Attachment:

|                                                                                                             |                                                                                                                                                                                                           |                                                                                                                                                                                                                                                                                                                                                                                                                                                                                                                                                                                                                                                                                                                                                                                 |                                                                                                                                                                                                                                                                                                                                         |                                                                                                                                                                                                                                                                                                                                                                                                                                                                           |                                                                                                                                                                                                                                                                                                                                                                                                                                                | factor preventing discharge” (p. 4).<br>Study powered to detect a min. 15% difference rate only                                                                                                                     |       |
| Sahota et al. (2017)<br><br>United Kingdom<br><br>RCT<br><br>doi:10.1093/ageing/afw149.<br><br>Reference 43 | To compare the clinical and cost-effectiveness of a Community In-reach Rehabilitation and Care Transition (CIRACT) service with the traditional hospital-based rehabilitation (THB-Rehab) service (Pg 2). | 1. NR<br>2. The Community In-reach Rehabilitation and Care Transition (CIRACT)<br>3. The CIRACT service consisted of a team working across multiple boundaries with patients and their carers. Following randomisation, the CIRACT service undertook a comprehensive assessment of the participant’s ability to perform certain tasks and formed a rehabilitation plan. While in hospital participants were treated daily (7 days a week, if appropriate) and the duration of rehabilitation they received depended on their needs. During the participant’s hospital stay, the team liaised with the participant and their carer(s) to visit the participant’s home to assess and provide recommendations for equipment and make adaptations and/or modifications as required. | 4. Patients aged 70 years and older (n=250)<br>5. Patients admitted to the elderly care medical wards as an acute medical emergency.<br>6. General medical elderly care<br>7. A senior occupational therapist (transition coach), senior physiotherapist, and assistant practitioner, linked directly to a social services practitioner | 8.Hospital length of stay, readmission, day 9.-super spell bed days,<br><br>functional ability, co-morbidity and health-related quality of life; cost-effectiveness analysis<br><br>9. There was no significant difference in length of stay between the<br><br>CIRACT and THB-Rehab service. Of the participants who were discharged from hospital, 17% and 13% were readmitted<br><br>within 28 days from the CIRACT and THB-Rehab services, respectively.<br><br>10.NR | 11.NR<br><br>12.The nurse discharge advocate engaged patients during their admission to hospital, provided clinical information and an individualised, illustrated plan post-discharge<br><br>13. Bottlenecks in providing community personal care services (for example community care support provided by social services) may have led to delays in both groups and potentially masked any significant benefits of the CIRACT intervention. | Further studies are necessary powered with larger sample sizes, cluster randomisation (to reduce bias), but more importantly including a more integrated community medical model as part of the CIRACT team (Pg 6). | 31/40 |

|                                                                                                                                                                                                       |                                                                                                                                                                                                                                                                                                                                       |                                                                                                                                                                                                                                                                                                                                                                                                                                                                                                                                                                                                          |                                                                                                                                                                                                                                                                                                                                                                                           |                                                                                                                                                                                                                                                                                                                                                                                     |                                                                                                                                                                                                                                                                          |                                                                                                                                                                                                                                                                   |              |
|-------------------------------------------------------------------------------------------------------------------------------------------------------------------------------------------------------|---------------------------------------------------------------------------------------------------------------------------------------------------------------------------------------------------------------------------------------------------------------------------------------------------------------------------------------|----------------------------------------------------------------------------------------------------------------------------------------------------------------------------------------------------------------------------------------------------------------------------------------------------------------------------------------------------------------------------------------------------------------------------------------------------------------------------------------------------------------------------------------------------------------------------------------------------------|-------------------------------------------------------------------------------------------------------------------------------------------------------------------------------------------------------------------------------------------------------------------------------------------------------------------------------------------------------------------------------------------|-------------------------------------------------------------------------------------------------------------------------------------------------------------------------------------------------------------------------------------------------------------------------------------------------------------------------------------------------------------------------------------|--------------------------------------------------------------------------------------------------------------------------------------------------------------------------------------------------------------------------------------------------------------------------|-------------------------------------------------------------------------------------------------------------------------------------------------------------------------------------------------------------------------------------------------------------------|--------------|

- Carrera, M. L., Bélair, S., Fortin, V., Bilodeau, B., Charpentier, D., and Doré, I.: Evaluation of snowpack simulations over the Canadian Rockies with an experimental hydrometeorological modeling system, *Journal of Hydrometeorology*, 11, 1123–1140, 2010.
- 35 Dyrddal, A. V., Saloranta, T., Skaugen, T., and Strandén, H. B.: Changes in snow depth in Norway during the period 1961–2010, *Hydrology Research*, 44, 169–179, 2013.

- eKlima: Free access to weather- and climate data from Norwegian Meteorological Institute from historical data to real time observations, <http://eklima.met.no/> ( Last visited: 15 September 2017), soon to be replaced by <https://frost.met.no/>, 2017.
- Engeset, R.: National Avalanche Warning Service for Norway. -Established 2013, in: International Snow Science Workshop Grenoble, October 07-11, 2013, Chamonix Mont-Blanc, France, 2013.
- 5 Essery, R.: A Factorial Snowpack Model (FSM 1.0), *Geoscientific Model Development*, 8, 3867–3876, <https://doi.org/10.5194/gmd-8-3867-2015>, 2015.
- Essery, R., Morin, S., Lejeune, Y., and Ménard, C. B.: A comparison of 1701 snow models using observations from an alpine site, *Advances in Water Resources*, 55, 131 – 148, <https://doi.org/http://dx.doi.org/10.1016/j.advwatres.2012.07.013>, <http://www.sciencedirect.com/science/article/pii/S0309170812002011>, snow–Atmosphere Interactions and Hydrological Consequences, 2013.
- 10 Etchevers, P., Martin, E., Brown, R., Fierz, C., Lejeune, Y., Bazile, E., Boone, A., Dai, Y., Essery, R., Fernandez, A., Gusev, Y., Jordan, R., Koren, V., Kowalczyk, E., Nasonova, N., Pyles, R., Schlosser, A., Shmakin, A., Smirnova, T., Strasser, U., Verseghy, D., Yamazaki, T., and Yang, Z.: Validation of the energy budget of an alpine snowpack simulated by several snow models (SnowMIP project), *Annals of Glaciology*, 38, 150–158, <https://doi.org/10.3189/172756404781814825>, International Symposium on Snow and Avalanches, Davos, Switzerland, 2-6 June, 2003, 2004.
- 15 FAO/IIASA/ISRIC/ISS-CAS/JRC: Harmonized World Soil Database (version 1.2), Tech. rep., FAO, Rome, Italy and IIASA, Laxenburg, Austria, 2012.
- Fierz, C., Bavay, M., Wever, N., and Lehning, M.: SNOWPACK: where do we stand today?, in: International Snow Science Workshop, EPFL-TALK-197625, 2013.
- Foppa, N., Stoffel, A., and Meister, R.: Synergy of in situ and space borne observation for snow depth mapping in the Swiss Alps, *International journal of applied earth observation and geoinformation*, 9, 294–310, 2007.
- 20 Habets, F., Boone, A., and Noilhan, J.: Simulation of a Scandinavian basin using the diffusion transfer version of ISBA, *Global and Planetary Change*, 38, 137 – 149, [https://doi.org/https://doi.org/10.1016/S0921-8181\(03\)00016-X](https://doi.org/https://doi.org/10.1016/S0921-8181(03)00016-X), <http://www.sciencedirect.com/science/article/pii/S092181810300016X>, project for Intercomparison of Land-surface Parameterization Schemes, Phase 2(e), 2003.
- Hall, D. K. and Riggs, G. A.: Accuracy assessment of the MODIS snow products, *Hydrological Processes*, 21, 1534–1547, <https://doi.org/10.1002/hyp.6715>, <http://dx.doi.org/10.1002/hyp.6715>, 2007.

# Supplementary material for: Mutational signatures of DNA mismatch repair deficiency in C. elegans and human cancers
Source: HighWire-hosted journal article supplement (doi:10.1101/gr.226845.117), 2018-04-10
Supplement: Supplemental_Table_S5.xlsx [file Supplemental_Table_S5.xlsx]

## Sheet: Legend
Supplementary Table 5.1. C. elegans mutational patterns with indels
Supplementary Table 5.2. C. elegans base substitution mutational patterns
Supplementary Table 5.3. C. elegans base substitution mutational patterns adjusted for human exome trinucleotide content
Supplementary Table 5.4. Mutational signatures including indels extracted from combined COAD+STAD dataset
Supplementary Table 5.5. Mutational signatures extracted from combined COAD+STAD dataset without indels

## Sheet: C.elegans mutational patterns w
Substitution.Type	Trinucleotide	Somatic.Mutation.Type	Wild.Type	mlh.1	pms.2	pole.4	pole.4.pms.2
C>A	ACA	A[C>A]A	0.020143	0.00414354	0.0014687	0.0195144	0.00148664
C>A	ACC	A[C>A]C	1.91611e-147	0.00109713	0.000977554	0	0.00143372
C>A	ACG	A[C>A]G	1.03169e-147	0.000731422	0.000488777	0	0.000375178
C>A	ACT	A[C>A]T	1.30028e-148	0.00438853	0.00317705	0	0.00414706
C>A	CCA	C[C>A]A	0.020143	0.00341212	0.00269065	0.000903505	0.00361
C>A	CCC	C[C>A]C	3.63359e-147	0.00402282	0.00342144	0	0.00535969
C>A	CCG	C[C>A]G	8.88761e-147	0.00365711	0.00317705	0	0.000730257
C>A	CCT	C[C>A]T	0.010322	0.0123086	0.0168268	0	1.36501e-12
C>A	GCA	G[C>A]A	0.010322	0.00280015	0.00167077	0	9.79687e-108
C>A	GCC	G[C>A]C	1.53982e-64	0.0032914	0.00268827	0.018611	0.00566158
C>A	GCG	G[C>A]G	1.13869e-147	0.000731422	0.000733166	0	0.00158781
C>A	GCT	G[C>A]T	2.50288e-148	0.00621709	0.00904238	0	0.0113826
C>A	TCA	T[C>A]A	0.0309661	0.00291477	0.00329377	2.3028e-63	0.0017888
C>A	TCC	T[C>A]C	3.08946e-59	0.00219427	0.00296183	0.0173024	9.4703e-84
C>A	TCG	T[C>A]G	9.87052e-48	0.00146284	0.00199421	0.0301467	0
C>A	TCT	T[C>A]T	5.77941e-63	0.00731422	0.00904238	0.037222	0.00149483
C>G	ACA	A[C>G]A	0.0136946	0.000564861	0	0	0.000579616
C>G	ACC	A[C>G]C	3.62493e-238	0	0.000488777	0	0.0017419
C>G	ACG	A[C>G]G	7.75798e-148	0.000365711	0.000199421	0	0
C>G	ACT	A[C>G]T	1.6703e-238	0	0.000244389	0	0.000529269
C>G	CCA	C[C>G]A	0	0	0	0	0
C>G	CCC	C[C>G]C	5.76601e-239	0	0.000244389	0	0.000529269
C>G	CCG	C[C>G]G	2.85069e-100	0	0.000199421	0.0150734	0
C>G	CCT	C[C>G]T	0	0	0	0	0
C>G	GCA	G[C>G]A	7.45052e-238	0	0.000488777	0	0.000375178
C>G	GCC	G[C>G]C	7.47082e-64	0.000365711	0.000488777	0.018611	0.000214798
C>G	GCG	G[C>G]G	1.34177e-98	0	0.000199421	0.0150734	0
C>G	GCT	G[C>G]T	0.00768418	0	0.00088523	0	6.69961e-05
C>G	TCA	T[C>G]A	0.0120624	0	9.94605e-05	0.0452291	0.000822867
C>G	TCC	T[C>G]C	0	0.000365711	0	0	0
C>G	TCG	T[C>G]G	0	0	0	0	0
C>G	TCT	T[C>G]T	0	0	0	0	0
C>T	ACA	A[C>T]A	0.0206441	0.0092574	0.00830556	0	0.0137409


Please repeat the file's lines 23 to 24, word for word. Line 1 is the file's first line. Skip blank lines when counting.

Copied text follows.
Supplementary Table 5.3. C. elegans base substitution mutational patterns adjusted for human exome trinucleotide content
Supplementary Table 5.4. Mutational signatures including indels extracted from combined COAD+STAD dataset